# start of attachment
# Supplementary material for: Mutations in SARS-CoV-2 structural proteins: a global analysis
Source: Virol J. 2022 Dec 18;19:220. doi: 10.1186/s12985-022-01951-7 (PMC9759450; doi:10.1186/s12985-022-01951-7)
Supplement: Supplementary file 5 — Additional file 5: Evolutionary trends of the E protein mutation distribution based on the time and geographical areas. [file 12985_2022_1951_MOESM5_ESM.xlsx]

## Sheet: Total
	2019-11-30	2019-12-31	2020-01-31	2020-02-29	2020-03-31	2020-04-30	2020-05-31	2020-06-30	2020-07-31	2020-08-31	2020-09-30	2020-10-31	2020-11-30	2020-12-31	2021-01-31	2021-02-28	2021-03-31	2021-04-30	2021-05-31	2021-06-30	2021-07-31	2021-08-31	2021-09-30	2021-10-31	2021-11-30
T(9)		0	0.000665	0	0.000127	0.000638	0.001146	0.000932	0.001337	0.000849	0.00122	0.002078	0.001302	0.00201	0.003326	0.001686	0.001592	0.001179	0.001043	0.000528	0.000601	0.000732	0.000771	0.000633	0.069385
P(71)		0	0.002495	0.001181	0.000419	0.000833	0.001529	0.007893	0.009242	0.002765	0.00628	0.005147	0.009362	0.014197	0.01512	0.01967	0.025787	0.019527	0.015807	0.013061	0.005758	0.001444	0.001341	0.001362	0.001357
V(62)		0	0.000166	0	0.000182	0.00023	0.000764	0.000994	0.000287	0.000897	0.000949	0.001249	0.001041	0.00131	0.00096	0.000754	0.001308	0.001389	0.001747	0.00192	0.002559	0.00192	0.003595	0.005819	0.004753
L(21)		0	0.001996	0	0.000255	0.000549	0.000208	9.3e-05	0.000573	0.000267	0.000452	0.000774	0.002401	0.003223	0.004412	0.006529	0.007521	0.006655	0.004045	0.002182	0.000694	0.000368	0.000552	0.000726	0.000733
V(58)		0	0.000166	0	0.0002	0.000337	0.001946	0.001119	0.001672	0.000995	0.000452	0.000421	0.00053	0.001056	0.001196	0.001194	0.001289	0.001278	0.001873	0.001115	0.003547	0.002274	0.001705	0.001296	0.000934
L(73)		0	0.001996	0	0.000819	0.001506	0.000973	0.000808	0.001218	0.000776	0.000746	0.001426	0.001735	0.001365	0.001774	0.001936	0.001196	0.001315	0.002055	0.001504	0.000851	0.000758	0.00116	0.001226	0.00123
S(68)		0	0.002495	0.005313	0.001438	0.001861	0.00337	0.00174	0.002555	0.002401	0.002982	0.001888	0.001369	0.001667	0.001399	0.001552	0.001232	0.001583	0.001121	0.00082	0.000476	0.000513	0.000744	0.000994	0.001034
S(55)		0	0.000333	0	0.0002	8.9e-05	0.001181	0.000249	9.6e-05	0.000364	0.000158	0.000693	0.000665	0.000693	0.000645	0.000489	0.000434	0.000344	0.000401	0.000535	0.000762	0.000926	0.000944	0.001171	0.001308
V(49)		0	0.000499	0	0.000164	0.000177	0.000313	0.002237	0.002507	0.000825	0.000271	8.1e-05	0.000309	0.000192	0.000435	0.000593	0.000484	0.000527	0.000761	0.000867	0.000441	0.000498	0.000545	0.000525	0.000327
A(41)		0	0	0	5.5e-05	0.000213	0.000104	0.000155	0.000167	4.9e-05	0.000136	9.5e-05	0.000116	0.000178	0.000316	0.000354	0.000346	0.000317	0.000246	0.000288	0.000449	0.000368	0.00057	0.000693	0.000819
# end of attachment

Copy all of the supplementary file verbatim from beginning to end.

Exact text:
# Supplementary material for: Mutations in SARS-CoV-2 structural proteins: a global analysis
Source: Virol J. 2022 Dec 18;19:220. doi: 10.1186/s12985-022-01951-7 (PMC9759450; doi:10.1186/s12985-022-01951-7)
Supplement: Supplementary file 5 — Additional file 5: Evolutionary trends of the E protein mutation distribution based on the time and geographical areas. [file 12985_2022_1951_MOESM5_ESM.xlsx]

## Sheet: Total
	2019-11-30	2019-12-31	2020-01-31	2020-02-29	2020-03-31	2020-04-30	2020-05-31	2020-06-30	2020-07-31	2020-08-31	2020-09-30	2020-10-31	2020-11-30	2020-12-31	2021-01-31	2021-02-28	2021-03-31	2021-04-30	2021-05-31	2021-06-30	2021-07-31	2021-08-31	2021-09-30	2021-10-31	2021-11-30
T(9)		0	0.000665	0	0.000127	0.000638	0.001146	0.000932	0.001337	0.000849	0.00122	0.002078	0.001302	0.00201	0.003326	0.001686	0.001592	0.001179	0.001043	0.000528	0.000601	0.000732	0.000771	0.000633	0.069385
P(71)		0	0.002495	0.001181	0.000419	0.000833	0.001529	0.007893	0.009242	0.002765	0.00628	0.005147	0.009362	0.014197	0.01512	0.01967	0.025787	0.019527	0.015807	0.013061	0.005758	0.001444	0.001341	0.001362	0.001357
V(62)		0	0.000166	0	0.000182	0.00023	0.000764	0.000994	0.000287	0.000897	0.000949	0.001249	0.001041	0.00131	0.00096	0.000754	0.001308	0.001389	0.001747	0.00192	0.002559	0.00192	0.003595	0.005819	0.004753
L(21)		0	0.001996	0	0.000255	0.000549	0.000208	9.3e-05	0.000573	0.000267	0.000452	0.000774	0.002401	0.003223	0.004412	0.006529	0.007521	0.006655	0.004045	0.002182	0.000694	0.000368	0.000552	0.000726	0.000733
V(58)		0	0.000166	0	0.0002	0.000337	0.001946	0.001119	0.001672	0.000995	0.000452	0.000421	0.00053	0.001056	0.001196	0.001194	0.001289	0.001278	0.001873	0.001115	0.003547	0.002274	0.001705	0.001296	0.000934
L(73)		0	0.001996	0	0.000819	0.001506	0.000973	0.000808	0.001218	0.000776	0.000746	0.001426	0.001735	0.001365	0.001774	0.001936	0.001196	0.001315	0.002055	0.001504	0.000851	0.000758	0.00116	0.001226	0.00123
S(68)		0	0.002495	0.005313	0.001438	0.001861	0.00337	0.00174	0.002555	0.002401	0.002982	0.001888	0.001369	0.001667	0.001399	0.001552	0.001232	0.001583	0.001121	0.00082	0.000476	0.000513	0.000744	0.000994	0.001034
S(55)		0	0.000333	0	0.0002	8.9e-05	0.001181	0.000249	9.6e-05	0.000364	0.000158	0.000693	0.000665	0.000693	0.000645	0.000489	0.000434	0.000344	0.000401	0.000535	0.000762	0.000926	0.000944	0.001171	0.001308
V(49)		0	0.000499	0	0.000164	0.000177	0.000313	0.002237	0.002507	0.000825	0.000271	8.1e-05	0.000309	0.000192	0.000435	0.000593	0.000484	0.000527	0.000761	0.000867	0.000441	0.000498	0.000545	0.000525	0.000327
A(41)		0	0	0	5.5e-05	0.000213	0.000104	0.000155	0.000167	4.9e-05	0.000136	9.5e-05	0.000116	0.000178	0.000316	0.000354	0.000346	0.000317	0.000246	0.000288	0.000449	0.000368	0.00057	0.000693	0.000819